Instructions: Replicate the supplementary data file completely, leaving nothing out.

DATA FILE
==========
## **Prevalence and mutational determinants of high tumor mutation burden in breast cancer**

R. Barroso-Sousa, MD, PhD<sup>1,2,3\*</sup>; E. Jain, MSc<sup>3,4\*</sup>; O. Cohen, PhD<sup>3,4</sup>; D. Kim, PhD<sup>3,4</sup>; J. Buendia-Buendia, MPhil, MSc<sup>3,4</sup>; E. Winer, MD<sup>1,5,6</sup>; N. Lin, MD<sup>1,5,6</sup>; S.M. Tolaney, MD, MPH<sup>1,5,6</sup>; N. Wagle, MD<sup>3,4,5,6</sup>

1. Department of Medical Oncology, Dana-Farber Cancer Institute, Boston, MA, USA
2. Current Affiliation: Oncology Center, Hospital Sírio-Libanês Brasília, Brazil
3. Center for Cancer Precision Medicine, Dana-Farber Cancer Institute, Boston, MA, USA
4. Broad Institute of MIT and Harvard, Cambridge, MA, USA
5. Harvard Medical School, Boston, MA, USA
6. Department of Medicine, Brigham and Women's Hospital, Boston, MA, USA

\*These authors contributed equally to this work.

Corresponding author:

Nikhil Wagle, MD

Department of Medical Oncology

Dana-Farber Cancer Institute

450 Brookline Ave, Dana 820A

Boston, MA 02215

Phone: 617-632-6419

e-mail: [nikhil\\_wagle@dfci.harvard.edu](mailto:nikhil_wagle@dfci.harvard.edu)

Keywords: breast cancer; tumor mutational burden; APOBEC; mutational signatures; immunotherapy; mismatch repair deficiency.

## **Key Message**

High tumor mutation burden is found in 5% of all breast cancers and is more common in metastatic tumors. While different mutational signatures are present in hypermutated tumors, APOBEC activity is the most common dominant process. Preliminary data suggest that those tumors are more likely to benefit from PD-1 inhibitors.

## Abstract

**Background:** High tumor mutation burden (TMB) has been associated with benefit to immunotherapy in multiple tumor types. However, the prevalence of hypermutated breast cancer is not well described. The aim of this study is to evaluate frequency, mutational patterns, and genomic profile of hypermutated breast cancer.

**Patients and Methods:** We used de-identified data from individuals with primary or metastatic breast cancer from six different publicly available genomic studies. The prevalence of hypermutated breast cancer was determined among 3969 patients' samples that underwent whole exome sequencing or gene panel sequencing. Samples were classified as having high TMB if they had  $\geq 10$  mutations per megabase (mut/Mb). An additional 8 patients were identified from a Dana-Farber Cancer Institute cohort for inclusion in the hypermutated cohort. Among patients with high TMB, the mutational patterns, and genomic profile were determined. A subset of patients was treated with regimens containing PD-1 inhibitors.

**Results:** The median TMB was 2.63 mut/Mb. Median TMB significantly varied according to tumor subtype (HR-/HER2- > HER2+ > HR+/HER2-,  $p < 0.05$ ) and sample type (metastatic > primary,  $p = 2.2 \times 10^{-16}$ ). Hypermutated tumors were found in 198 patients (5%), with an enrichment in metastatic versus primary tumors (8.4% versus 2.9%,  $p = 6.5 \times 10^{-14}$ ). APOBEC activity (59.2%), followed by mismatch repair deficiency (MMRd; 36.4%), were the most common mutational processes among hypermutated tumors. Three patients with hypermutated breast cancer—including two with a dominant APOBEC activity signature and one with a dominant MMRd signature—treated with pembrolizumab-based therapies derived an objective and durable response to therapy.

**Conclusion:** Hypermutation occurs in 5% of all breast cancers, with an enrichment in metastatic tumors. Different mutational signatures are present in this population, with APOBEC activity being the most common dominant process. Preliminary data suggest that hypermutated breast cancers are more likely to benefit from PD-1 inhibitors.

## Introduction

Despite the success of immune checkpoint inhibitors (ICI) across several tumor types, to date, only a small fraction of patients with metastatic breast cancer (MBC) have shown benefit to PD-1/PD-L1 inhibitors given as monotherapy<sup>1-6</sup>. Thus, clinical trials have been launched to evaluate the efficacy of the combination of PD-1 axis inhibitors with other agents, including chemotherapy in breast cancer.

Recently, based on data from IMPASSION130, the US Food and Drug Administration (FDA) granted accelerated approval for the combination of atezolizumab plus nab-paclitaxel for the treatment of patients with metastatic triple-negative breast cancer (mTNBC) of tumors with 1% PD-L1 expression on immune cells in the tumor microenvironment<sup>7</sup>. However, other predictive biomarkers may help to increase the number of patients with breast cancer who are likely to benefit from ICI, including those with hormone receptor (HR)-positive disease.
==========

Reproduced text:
## **Prevalence and mutational determinants of high tumor mutation burden in breast cancer**

R. Barroso-Sousa, MD, PhD<sup>1,2,3\*</sup>; E. Jain, MSc<sup>3,4\*</sup>; O. Cohen, PhD<sup>3,4</sup>; D. Kim, PhD<sup>3,4</sup>; J. Buendia-Buendia, MPhil, MSc<sup>3,4</sup>; E. Winer, MD<sup>1,5,6</sup>; N. Lin, MD<sup>1,5,6</sup>; S.M. Tolaney, MD, MPH<sup>1,5,6</sup>; N. Wagle, MD<sup>3,4,5,6</sup>

1. Department of Medical Oncology, Dana-Farber Cancer Institute, Boston, MA, USA
2. Current Affiliation: Oncology Center, Hospital Sírio-Libanês Brasília, Brazil
3. Center for Cancer Precision Medicine, Dana-Farber Cancer Institute, Boston, MA, USA
4. Broad Institute of MIT and Harvard, Cambridge, MA, USA
5. Harvard Medical School, Boston, MA, USA
6. Department of Medicine, Brigham and Women's Hospital, Boston, MA, USA

\*These authors contributed equally to this work.

Corresponding author:

Nikhil Wagle, MD

Department of Medical Oncology

Dana-Farber Cancer Institute

450 Brookline Ave, Dana 820A

Boston, MA 02215

Phone: 617-632-6419

e-mail: [nikhil\\_wagle@dfci.harvard.edu](mailto:nikhil_wagle@dfci.harvard.edu)

Keywords: breast cancer; tumor mutational burden; APOBEC; mutational signatures; immunotherapy; mismatch repair deficiency.

## **Key Message**

High tumor mutation burden is found in 5% of all breast cancers and is more common in metastatic tumors. While different mutational signatures are present in hypermutated tumors, APOBEC activity is the most common dominant process. Preliminary data suggest that those tumors are more likely to benefit from PD-1 inhibitors.

## Abstract

**Background:** High tumor mutation burden (TMB) has been associated with benefit to immunotherapy in multiple tumor types. However, the prevalence of hypermutated breast cancer is not well described. The aim of this study is to evaluate frequency, mutational patterns, and genomic profile of hypermutated breast cancer.

**Patients and Methods:** We used de-identified data from individuals with primary or metastatic breast cancer from six different publicly available genomic studies. The prevalence of hypermutated breast cancer was determined among 3969 patients' samples that underwent whole exome sequencing or gene panel sequencing. Samples were classified as having high TMB if they had  $\geq 10$  mutations per megabase (mut/Mb). An additional 8 patients were identified from a Dana-Farber Cancer Institute cohort for inclusion in the hypermutated cohort. Among patients with high TMB, the mutational patterns, and genomic profile were determined. A subset of patients was treated with regimens containing PD-1 inhibitors.

**Results:** The median TMB was 2.63 mut/Mb. Median TMB significantly varied according to tumor subtype (HR-/HER2- > HER2+ > HR+/HER2-,  $p < 0.05$ ) and sample type (metastatic > primary,  $p = 2.2 \times 10^{-16}$ ). Hypermutated tumors were found in 198 patients (5%), with an enrichment in metastatic versus primary tumors (8.4% versus 2.9%,  $p = 6.5 \times 10^{-14}$ ). APOBEC activity (59.2%), followed by mismatch repair deficiency (MMRd; 36.4%), were the most common mutational processes among hypermutated tumors. Three patients with hypermutated breast cancer—including two with a dominant APOBEC activity signature and one with a dominant MMRd signature—treated with pembrolizumab-based therapies derived an objective and durable response to therapy.

**Conclusion:** Hypermutation occurs in 5% of all breast cancers, with an enrichment in metastatic tumors. Different mutational signatures are present in this population, with APOBEC activity being the most common dominant process. Preliminary data suggest that hypermutated breast cancers are more likely to benefit from PD-1 inhibitors.

## Introduction

Despite the success of immune checkpoint inhibitors (ICI) across several tumor types, to date, only a small fraction of patients with metastatic breast cancer (MBC) have shown benefit to PD-1/PD-L1 inhibitors given as monotherapy<sup>1-6</sup>. Thus, clinical trials have been launched to evaluate the efficacy of the combination of PD-1 axis inhibitors with other agents, including chemotherapy in breast cancer.

Recently, based on data from IMPASSION130, the US Food and Drug Administration (FDA) granted accelerated approval for the combination of atezolizumab plus nab-paclitaxel for the treatment of patients with metastatic triple-negative breast cancer (mTNBC) of tumors with 1% PD-L1 expression on immune cells in the tumor microenvironment<sup>7</sup>. However, other predictive biomarkers may help to increase the number of patients with breast cancer who are likely to benefit from ICI, including those with hormone receptor (HR)-positive disease.